The Marine Global Change group is within the School of Geographical and Earth Sciences at the University of Glasgow in Scotland. Our research profile is multidisciplinary and this is reflected in the composition of the team. We conduct research on marine biogeochemistry, ecology, biology, geology, climate change and oceanography.
Lab group fieldwork: Charlotte's joy at successful sample collection! (May 2019)
Lab meetings: Our lab meetings have changed somewhat but are still science filled! (July 2020)
Group Lab Manager and Research Technician
I am interested in the application of analytical chemistry to understand climate change and environmental response in terrestrial and marine systems. My background in environmental chemistry is applied to the analysis of environmental, water and biogeochemical samples and the field work associated. I maintain, manage and train members of the group in the Mesocosm Facility, Bio-Earth wet chemistry laboratory and Geographical and Earth Sciences' Isotope Facility.
Blue Carbon in a changing world: My interests are in the effects of anthropogenically induced climate change on coralline algal systems. I am using a variety of geochemical techniques to investigate how the ability of coralline algae to sequester carbon varies under a range of climate scenarios.
Visiting PhD candidate from HKU
Nitrogen cycling in coralline algae: My interests are in the cycling of nitrogen by coralline algae and the systems they engineer; in particular working with Nick's group at Glasgow I am asking questoins about coraline algal nitrogen cycling under global change.
Oceans on Acid: My interests are in the impact of ocean acidification on marine ecosystems over the past hundred years. Using coralline algae I am reconstructing high resolution records of ocean acidification in sites in Greenland, Scotland and Australia. A mix of geochemical techniques and ecological profiling is being used to investigate these changes
I’m interested in why some tropical corals are more resilient to environmental change than others. Coralliths are unattached, free-living corals that get moved around by wave action. This means they frequently experience variation in environmental parameters, such as light availability. My project aims to understand the limiting factors of corallith formation, why can only a handful of coral species form coralliths? And what ecological role might coralliths play in reef recovery and expansion, are they important in reef establishment and succession?
Postdoctoral Research Associate and previously PhD scholar
I am interested in the capacity of corals to survive in changing oceans. My research focuses on coral bleaching where I am investigating host-symbiont associations in the context of adaption or acclimation to place recent bleaching trends into an environmentally relevant context.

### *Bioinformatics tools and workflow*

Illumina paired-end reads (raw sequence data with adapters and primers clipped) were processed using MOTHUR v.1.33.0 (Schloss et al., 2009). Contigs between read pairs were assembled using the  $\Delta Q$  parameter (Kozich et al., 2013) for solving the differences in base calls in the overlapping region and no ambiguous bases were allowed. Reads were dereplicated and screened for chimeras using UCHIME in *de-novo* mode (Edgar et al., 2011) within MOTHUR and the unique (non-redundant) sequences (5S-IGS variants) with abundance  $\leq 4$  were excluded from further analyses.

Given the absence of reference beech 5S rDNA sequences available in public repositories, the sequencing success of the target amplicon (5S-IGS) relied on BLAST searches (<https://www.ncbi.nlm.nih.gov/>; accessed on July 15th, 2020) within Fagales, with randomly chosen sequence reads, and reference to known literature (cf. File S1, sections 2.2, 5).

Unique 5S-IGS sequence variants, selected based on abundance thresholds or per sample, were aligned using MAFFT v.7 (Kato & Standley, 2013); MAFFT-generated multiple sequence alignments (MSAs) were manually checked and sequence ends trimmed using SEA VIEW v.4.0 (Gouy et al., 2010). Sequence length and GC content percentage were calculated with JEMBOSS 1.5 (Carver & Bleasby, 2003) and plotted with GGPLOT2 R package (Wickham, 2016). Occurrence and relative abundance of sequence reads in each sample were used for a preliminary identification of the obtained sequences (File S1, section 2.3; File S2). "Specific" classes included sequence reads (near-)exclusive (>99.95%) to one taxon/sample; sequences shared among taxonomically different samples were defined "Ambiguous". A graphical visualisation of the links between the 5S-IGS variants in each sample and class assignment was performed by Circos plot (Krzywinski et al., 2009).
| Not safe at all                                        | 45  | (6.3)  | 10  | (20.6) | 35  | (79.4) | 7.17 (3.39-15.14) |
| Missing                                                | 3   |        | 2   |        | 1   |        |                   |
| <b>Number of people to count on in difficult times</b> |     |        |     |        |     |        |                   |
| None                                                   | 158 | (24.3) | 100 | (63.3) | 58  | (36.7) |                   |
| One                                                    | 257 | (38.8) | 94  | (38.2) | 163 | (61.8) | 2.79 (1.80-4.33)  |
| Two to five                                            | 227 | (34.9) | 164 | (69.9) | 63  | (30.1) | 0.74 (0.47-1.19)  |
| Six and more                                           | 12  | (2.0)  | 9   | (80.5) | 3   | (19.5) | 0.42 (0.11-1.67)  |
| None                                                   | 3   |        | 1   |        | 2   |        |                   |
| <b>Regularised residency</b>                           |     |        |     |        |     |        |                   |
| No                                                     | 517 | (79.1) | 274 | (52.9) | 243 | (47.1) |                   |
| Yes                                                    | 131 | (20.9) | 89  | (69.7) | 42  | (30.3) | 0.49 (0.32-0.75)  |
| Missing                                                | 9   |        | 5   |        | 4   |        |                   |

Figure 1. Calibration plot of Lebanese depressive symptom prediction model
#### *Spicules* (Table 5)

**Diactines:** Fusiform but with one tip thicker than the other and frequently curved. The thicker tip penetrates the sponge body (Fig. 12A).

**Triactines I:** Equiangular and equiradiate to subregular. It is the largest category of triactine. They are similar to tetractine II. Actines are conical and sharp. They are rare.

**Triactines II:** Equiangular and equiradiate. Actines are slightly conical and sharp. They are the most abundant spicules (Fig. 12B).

I'm interested in carbon storage by coastal habitats, especially by coralline algal systems. My research investigates both carbon burial processes and modification of benthic seawater chemistry by algal metabolic and calcification processes. My research uses both field work and lab experiments involving both stable & radio isotopes
I am generally interested in the evolution of biodiversity in the animal kingdom. In particular, I am keen on understanding in which way organisms are adapted to their environment and how this is achieved on the genomic level. Parallel evolution constitutes a strong framework to study how the environment has repeatedly driven the evolution of similar forms via natural selection. In this context, I am particularly fascinated how key adaptations have evolved independently in distinct lineages.
Many parts of the climate system, including impacts of freshwater input on polar oceans, are not fully understood. This limits our ability to determine the drivers of unexpected climate variations. My research uses oxygen and hydrogen isotopic fractionation during the land-ocean transit of freshwater to understand the 1) variablity of freshwater distribution in the marine environment, 2) the capacity of marine palaeoenvironmental proxies to record seasonal North Atlantic climatic variability and 3) the impact of freshwater on the climate system.
Breathing reefs: ocean-atmosphere carbon exchange of tropical coral reefs. Corals are ecosystem engineers that create morphological complex reefs, supporting some of the most diverse ecosystems in the oceans, yet climate change is rapidly altering their metabolic processes. My research focuses on quantifying patterns in air-sea CO2 gas exchange driven by coral reef ecosystems, both now and under projected climate change. My work will help determine the future role of the ocean in the carbon cycle.
Spatial coral bleaching patterns and processes: I am interested in the spatial distribution of Symbiodinium across the wider Caribbean region. My research aims to characterise the Symbiodinium communities associated with coral reef organisms at numerous sites across the wider Caribbean region in order to identify areas of high/low Symbiodinium diversity